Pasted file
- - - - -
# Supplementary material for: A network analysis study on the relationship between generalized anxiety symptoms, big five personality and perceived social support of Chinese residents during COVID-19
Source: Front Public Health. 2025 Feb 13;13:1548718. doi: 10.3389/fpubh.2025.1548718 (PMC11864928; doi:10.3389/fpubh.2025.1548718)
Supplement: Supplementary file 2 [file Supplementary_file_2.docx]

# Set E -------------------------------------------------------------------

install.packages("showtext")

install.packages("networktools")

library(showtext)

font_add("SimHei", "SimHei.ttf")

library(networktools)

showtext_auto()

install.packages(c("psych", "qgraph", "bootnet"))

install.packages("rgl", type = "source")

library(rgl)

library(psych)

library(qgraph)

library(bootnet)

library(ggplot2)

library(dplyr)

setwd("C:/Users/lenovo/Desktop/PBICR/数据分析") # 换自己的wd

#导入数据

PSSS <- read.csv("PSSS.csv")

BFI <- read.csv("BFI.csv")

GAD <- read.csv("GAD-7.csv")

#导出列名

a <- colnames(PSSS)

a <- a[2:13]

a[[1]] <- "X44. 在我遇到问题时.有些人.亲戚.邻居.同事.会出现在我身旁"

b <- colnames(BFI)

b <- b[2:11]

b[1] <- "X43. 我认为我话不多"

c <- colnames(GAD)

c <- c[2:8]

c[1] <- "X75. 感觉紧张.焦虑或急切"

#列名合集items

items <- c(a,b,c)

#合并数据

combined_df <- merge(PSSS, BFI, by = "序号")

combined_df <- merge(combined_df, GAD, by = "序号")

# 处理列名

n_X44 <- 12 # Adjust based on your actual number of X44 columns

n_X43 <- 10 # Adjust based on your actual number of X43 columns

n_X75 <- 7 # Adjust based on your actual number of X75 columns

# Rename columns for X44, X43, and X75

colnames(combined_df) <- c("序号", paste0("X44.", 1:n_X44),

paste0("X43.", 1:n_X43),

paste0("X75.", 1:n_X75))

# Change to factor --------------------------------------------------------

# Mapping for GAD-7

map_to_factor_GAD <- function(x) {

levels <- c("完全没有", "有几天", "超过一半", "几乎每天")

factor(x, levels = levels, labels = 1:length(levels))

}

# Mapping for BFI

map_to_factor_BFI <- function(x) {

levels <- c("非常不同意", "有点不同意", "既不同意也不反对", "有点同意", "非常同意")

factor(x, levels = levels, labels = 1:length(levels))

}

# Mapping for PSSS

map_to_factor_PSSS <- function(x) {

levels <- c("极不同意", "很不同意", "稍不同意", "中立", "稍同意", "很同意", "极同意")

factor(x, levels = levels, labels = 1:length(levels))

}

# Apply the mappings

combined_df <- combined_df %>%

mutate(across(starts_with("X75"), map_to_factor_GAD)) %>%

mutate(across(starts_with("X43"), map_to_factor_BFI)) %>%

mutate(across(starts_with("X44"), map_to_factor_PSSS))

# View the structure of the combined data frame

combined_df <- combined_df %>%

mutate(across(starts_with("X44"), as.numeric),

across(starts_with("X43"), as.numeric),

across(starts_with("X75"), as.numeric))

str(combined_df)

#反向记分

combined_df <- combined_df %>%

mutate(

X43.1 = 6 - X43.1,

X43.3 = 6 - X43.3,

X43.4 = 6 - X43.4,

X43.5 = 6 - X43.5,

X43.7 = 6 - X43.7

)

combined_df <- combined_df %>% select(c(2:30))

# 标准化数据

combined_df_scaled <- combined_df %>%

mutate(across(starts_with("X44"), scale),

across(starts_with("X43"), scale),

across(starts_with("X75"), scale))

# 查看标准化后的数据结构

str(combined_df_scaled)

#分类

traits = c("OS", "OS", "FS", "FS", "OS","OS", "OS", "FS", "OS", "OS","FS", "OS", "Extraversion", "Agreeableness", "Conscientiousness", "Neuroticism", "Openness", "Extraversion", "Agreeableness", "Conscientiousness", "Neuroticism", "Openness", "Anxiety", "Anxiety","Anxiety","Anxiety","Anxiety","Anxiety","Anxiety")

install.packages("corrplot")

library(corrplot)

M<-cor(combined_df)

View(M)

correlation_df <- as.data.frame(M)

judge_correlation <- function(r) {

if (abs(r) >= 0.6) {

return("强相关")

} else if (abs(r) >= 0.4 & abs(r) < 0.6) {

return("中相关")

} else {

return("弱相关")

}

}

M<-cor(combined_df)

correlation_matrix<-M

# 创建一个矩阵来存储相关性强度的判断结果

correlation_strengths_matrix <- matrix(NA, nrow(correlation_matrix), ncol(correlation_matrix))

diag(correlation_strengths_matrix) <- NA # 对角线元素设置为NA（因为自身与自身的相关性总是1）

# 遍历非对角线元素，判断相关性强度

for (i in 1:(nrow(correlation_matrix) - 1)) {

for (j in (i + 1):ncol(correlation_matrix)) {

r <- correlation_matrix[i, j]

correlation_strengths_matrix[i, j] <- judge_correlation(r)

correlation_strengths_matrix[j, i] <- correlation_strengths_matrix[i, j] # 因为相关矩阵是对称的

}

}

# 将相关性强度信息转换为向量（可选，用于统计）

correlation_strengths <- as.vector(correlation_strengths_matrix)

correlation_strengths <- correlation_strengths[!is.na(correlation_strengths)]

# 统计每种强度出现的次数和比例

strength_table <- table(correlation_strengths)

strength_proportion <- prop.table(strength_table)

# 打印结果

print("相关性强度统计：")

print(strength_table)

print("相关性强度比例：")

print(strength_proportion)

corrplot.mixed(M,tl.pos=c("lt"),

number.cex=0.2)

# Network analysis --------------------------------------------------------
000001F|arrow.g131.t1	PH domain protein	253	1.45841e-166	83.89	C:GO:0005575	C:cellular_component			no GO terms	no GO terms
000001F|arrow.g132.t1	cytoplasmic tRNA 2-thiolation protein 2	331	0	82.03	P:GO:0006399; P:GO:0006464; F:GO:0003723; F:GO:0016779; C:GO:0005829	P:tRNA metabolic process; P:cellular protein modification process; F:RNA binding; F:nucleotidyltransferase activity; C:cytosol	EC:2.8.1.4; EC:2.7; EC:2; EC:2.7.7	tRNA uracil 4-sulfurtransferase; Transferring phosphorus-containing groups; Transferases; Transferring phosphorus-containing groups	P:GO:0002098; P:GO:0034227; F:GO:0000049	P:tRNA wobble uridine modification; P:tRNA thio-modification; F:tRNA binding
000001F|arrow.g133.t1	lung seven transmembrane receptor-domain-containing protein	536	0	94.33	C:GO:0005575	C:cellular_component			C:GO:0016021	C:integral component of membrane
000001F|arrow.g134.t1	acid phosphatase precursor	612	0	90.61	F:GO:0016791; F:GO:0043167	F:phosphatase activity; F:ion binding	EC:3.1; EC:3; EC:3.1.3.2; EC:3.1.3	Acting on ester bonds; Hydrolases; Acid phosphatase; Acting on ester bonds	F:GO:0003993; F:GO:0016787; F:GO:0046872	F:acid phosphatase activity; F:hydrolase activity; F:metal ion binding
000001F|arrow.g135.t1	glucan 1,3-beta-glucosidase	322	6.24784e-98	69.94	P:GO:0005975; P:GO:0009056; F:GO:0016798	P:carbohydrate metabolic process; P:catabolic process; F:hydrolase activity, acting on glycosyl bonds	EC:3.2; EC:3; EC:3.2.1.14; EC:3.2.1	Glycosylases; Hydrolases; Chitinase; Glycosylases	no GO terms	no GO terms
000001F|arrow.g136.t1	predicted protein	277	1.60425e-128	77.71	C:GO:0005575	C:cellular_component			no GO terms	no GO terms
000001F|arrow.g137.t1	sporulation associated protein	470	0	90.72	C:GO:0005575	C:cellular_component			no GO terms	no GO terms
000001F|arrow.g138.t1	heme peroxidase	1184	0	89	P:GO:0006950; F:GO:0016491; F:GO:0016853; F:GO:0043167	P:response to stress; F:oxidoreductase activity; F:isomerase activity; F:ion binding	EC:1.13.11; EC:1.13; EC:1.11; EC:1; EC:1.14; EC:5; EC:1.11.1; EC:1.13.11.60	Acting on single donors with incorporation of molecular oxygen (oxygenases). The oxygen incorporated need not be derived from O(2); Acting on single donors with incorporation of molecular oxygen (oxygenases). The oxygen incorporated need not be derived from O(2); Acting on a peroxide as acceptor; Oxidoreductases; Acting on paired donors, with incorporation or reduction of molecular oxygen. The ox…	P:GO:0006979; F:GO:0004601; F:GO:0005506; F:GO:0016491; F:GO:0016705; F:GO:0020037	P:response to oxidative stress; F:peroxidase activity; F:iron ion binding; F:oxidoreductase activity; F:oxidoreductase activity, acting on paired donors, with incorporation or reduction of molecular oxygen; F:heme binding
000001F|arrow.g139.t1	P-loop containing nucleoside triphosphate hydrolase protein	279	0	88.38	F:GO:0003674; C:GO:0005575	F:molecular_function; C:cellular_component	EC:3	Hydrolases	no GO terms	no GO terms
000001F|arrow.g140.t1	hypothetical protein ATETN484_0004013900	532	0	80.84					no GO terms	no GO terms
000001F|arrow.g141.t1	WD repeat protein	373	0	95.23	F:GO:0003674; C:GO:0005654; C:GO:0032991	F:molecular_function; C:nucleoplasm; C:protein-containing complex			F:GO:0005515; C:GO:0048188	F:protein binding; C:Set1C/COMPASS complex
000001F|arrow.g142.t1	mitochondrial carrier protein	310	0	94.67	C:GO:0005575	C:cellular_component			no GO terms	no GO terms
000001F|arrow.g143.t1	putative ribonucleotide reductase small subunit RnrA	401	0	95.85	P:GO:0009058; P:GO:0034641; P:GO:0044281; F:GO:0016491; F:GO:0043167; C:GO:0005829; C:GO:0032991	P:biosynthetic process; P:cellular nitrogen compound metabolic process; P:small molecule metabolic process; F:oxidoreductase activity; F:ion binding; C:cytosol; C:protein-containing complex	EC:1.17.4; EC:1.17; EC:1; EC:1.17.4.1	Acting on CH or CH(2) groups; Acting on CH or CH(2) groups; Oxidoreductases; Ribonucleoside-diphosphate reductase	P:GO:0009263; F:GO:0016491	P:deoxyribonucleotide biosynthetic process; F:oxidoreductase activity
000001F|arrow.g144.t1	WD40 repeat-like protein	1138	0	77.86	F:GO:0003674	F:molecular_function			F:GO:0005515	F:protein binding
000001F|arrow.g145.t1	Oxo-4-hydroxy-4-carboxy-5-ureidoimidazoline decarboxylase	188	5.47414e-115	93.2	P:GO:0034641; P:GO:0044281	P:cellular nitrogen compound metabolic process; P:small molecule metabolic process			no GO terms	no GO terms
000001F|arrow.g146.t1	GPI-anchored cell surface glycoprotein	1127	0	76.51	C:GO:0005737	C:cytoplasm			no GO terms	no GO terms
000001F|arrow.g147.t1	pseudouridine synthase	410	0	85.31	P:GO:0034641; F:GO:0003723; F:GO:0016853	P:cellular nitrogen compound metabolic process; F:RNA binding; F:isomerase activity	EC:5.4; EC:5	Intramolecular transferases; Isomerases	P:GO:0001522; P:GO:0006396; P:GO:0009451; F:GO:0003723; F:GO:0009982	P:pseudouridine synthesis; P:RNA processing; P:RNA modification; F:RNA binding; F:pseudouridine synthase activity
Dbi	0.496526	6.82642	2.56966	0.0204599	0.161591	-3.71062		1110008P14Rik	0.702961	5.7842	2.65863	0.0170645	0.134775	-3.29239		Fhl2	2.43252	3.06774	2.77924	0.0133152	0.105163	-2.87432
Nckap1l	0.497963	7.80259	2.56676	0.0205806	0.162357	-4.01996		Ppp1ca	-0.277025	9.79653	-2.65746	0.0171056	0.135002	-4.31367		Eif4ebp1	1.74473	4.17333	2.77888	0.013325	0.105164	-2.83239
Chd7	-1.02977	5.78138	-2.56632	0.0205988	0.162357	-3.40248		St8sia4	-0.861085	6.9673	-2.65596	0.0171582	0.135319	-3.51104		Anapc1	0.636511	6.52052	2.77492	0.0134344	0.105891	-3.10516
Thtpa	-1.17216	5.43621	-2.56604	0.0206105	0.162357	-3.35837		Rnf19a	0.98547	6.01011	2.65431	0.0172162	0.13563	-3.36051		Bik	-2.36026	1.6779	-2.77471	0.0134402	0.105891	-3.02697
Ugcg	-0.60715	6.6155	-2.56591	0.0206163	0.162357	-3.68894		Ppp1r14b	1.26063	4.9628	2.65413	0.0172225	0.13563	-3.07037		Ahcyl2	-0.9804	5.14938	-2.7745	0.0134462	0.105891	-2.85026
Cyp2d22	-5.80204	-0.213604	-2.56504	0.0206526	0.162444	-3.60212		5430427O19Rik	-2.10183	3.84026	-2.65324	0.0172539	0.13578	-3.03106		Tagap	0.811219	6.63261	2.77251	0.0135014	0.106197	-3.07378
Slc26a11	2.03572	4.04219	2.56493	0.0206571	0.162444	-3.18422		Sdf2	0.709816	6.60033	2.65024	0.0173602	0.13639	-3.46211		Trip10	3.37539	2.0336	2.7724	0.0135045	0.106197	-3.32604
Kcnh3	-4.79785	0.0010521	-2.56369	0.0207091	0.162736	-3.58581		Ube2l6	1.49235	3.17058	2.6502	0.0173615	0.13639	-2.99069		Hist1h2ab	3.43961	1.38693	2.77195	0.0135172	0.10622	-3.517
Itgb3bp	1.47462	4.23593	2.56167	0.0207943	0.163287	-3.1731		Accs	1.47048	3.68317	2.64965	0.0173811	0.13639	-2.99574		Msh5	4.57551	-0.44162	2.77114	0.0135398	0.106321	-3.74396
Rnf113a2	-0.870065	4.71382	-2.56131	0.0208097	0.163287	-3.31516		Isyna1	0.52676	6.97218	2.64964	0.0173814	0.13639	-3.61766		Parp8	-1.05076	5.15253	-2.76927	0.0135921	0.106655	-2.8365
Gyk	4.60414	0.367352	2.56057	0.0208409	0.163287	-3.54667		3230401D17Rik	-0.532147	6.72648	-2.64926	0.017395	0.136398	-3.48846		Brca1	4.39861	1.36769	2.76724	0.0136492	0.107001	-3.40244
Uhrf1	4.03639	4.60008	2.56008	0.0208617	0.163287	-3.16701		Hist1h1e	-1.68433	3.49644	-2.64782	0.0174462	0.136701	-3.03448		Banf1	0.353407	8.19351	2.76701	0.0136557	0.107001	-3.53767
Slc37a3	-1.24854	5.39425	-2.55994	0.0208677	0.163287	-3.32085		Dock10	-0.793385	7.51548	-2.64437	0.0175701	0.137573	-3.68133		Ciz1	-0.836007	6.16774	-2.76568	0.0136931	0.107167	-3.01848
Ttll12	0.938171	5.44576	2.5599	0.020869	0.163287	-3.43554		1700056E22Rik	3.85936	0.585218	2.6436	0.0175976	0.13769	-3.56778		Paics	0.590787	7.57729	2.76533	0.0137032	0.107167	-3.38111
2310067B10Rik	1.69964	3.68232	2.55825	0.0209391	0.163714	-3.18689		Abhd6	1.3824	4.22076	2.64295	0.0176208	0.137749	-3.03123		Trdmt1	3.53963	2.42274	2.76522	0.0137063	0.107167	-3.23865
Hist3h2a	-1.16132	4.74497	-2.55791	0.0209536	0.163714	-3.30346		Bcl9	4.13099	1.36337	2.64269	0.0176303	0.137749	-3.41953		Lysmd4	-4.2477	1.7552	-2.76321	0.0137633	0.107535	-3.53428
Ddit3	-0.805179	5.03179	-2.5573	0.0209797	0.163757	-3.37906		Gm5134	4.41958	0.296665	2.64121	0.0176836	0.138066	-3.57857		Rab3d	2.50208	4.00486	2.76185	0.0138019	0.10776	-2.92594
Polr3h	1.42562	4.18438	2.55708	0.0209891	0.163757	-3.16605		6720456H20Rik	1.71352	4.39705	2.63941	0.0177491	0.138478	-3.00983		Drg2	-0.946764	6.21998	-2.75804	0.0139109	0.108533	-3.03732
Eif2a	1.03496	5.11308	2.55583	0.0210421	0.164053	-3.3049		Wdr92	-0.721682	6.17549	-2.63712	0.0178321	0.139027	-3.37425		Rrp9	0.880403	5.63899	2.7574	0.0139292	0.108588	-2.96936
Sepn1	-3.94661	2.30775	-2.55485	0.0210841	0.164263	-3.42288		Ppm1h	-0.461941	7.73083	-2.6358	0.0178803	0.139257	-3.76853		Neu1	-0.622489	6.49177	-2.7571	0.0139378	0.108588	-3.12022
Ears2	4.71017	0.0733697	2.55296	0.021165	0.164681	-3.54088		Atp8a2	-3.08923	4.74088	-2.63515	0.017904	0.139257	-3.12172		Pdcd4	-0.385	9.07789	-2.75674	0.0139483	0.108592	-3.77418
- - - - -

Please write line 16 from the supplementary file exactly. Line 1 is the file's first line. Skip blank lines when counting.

library(bootnet)